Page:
At least a quarter of the world’s land area is owned, managed, used or occupied by indigenous peoples and local communities. While nature in these areas is degrading less quickly than in others, the impact of climate and ecosystem change has a direct impact on local livelihoods.
By 2100, says United Nations Special Rapporteur on extreme poverty and human rights, Philip Alston, “We risk a ‘climate apartheid’ scenario where the wealthy pay to escape overheating, hunger and conflict while the rest of the world is left to suffer.” Many, he projects, will be forced to choose between starvation or migration.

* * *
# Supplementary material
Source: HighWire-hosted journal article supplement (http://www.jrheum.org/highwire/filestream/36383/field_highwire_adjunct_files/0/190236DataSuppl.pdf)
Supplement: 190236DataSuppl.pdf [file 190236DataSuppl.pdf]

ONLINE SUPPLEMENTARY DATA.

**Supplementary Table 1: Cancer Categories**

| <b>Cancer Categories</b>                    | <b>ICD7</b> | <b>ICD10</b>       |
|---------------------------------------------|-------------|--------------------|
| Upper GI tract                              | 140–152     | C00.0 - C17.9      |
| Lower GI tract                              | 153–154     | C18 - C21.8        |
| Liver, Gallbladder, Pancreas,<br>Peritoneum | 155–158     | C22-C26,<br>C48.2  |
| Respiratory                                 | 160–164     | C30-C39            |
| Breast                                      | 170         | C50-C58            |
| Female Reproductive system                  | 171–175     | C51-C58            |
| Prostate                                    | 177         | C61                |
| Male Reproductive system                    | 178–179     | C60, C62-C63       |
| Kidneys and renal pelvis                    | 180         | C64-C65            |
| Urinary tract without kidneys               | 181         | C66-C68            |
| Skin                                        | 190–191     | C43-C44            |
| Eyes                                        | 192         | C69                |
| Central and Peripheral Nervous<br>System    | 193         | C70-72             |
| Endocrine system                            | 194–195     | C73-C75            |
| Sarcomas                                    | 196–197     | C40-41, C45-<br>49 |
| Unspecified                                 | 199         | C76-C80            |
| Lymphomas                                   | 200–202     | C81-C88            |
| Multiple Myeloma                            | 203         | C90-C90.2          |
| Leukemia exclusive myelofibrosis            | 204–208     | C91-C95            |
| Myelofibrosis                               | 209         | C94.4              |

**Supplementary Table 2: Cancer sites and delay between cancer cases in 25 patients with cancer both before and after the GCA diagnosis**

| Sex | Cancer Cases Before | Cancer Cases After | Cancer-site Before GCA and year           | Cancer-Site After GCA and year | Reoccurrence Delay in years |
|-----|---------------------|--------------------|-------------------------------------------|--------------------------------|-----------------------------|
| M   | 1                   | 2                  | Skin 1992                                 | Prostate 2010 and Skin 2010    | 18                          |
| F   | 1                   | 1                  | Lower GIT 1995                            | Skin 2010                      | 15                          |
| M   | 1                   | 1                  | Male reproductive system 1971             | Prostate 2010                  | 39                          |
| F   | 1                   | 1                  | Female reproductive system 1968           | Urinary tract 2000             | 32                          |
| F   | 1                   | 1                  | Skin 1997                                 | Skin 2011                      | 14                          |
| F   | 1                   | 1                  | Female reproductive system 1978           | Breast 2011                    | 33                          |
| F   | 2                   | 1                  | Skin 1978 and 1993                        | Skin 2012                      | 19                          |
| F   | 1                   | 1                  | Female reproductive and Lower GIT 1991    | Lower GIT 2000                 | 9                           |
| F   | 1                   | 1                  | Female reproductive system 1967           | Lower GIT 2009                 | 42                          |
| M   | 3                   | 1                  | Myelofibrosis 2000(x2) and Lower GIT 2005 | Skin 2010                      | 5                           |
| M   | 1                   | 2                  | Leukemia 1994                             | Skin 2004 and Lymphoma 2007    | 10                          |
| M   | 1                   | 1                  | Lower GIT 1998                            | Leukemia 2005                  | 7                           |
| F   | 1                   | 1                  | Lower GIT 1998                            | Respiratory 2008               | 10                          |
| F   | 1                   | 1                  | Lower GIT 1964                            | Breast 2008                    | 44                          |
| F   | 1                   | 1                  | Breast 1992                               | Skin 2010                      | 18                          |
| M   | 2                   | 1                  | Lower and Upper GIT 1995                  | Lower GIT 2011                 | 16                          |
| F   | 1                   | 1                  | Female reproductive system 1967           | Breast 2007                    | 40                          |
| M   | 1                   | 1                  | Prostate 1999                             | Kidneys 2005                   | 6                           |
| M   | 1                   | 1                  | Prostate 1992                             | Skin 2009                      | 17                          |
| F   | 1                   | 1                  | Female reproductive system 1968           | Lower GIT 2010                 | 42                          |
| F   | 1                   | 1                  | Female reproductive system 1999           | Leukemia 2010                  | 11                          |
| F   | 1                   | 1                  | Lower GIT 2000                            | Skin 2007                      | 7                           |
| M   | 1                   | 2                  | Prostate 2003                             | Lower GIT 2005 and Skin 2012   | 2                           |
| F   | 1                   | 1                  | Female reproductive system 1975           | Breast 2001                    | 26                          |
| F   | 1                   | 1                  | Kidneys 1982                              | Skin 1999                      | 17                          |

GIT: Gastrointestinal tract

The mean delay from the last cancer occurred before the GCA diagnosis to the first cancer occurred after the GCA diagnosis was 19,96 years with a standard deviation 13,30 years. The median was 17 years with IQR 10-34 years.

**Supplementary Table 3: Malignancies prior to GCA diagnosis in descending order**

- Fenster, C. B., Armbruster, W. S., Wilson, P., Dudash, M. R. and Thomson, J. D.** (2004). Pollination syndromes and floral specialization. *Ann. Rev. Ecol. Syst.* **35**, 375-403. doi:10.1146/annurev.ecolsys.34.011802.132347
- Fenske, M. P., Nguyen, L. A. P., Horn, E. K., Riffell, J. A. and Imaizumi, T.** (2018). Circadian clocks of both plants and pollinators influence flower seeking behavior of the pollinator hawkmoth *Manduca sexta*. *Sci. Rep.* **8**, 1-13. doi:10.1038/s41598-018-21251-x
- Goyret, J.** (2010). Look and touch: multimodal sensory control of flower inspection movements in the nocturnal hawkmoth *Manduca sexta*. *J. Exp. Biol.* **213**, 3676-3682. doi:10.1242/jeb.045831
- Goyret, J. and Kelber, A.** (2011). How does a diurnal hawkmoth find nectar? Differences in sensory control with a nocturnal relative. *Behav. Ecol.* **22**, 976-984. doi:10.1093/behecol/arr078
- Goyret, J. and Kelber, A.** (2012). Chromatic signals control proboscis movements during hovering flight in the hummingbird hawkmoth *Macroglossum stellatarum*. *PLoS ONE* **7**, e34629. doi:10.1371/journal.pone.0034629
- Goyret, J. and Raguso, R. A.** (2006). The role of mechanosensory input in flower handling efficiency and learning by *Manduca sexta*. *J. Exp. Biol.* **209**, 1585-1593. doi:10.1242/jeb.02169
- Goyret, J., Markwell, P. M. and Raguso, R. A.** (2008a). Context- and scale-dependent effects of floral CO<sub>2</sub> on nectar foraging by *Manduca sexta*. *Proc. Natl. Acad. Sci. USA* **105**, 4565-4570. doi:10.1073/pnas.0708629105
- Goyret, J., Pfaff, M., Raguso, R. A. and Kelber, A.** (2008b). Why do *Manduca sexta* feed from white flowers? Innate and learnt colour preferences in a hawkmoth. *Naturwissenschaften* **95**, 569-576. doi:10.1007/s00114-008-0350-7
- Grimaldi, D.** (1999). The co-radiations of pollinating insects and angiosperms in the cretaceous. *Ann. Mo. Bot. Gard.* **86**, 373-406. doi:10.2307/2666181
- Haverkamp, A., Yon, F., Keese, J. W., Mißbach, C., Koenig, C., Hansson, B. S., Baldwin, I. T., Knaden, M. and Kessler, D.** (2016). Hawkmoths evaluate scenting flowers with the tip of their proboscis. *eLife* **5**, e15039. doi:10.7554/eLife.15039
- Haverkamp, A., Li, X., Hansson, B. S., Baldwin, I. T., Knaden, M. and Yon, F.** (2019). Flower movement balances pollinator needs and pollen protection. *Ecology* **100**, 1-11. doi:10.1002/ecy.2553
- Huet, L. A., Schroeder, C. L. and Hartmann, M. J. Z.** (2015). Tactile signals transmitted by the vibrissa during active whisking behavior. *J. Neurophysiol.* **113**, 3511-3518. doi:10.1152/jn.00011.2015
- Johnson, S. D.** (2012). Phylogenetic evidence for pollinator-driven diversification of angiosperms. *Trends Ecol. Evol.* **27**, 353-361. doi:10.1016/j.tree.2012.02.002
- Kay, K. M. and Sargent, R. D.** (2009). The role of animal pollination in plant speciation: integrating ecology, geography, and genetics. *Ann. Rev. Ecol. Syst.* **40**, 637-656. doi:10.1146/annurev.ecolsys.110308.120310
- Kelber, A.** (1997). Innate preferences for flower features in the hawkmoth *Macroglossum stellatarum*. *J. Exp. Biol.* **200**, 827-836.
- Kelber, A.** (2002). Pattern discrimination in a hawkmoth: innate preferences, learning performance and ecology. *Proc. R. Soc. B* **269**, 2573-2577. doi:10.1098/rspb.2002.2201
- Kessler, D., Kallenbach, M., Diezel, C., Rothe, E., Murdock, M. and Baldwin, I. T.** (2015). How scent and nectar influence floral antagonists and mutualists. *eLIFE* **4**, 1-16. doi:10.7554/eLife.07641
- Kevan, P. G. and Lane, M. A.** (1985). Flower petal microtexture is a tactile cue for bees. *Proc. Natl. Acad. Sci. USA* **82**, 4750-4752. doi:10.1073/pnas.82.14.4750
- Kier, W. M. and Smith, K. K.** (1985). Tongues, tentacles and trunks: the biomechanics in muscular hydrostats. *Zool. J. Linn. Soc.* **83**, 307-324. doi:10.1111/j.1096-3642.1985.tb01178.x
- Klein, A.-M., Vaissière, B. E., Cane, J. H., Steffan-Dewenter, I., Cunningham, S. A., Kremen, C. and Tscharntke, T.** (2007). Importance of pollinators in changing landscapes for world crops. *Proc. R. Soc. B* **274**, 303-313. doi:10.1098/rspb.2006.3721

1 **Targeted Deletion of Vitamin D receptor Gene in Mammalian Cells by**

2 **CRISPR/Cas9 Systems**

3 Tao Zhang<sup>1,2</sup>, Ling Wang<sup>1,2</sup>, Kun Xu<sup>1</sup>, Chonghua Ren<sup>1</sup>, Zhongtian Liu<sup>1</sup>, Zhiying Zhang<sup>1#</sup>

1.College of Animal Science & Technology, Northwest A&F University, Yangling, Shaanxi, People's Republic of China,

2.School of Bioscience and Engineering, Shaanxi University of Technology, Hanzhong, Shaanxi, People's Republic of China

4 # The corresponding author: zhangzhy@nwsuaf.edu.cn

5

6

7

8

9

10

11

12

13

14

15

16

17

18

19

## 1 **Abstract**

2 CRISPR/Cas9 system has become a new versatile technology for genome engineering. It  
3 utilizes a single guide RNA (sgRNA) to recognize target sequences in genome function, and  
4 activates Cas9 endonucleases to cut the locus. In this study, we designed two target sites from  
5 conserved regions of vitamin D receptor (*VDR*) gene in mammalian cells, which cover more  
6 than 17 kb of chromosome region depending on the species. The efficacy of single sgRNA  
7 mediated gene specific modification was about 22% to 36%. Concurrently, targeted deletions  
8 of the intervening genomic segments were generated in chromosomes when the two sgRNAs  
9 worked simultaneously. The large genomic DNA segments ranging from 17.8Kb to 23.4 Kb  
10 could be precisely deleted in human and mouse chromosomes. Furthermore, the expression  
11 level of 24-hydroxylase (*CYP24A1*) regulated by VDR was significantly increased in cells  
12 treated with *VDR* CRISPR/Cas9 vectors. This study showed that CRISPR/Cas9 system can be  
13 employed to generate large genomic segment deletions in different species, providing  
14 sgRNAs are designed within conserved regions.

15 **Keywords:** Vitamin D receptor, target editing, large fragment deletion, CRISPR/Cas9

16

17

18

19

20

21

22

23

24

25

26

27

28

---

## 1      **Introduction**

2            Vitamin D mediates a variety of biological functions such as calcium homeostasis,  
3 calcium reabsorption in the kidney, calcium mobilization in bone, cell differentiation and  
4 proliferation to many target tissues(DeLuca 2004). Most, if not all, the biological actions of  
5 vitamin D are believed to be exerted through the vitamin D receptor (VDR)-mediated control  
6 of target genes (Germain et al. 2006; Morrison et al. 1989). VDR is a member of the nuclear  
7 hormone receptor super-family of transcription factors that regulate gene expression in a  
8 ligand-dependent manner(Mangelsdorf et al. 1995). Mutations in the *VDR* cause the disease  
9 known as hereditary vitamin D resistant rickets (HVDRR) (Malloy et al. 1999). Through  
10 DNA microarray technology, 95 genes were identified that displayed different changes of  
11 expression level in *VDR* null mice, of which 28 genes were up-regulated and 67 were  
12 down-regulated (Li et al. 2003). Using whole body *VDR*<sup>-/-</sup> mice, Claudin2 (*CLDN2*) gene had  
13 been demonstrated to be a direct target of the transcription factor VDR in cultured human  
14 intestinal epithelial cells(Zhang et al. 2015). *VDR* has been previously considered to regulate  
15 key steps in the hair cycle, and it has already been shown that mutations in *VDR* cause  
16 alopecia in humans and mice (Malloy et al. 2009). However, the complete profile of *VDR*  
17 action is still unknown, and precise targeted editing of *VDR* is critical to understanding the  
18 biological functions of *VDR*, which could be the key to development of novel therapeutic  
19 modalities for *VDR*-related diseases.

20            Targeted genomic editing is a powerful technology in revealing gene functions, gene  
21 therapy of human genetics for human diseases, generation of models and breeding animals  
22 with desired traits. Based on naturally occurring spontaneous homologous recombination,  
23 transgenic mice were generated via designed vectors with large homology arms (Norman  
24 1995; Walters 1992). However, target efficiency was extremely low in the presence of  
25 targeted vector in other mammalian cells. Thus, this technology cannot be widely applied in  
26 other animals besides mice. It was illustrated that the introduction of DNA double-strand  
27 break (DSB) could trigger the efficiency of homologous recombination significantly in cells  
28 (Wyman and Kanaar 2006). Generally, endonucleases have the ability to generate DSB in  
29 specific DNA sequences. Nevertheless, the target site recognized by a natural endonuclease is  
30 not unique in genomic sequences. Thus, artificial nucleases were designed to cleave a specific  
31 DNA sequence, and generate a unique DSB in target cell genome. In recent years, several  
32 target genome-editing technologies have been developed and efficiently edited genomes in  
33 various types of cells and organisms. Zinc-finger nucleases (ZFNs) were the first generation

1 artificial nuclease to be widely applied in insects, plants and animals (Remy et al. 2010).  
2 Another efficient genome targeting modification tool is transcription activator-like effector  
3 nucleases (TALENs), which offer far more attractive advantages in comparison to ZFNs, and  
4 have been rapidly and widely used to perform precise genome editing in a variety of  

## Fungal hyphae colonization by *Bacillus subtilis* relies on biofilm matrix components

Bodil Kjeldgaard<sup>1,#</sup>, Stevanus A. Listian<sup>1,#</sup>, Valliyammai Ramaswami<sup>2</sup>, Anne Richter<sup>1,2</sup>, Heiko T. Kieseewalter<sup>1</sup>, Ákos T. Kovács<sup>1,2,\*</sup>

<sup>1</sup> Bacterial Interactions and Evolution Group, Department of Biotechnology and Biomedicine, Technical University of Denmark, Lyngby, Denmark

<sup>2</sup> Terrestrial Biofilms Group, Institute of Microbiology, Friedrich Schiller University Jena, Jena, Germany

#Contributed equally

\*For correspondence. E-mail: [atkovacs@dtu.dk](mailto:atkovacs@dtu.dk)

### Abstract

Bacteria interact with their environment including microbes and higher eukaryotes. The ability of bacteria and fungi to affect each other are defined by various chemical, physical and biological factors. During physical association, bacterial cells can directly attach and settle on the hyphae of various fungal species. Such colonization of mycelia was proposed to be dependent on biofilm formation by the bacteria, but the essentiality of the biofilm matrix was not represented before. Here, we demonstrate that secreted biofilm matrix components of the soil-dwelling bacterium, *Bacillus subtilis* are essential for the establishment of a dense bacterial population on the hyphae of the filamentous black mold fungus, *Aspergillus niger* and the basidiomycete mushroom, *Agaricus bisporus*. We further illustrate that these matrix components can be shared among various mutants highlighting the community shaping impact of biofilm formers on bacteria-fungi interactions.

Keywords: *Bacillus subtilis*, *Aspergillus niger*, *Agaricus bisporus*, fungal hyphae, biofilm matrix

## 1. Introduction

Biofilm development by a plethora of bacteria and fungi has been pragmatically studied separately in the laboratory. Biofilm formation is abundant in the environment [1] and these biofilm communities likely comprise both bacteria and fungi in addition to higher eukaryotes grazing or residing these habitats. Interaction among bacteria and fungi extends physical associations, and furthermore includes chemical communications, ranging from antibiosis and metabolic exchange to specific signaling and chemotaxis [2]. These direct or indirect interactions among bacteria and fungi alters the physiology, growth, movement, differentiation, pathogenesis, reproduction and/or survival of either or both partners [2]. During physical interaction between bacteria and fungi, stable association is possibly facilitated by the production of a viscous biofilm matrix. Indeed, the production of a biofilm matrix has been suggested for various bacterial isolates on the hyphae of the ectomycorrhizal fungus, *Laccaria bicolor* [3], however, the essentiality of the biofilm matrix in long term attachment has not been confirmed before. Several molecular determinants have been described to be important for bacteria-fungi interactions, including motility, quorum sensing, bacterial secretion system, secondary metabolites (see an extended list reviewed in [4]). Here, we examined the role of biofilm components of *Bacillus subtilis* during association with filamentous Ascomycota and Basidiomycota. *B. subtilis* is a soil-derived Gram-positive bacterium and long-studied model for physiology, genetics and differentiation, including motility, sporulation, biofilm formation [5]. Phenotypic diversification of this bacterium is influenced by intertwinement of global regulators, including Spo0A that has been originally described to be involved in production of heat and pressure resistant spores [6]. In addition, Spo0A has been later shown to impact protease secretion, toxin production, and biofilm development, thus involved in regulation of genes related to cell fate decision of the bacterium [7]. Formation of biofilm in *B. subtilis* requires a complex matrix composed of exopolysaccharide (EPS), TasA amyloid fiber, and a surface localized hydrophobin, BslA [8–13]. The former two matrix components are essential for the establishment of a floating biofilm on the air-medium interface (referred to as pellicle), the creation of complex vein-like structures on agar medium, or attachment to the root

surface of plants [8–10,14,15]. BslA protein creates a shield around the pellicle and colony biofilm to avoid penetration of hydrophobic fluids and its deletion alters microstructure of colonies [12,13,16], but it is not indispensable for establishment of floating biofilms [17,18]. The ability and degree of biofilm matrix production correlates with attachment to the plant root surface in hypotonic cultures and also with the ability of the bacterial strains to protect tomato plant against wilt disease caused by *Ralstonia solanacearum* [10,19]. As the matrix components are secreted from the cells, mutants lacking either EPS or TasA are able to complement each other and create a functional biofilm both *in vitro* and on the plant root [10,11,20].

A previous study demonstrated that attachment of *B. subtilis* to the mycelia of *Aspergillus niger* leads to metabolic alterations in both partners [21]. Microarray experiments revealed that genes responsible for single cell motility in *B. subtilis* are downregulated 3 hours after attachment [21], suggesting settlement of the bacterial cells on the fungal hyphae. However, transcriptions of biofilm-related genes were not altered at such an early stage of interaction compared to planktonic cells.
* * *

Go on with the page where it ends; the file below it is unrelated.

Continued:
Siham Drissi is a Programme Management officer at the Ecosystems division at the United Nations Environment Programme (UNEP). Her work focuses on integrated landscape approaches for agriculture, food security, land and resource tenure, and landscape governance. In this interview, she discusses the relationship between indigenous peoples and the land they inhabit.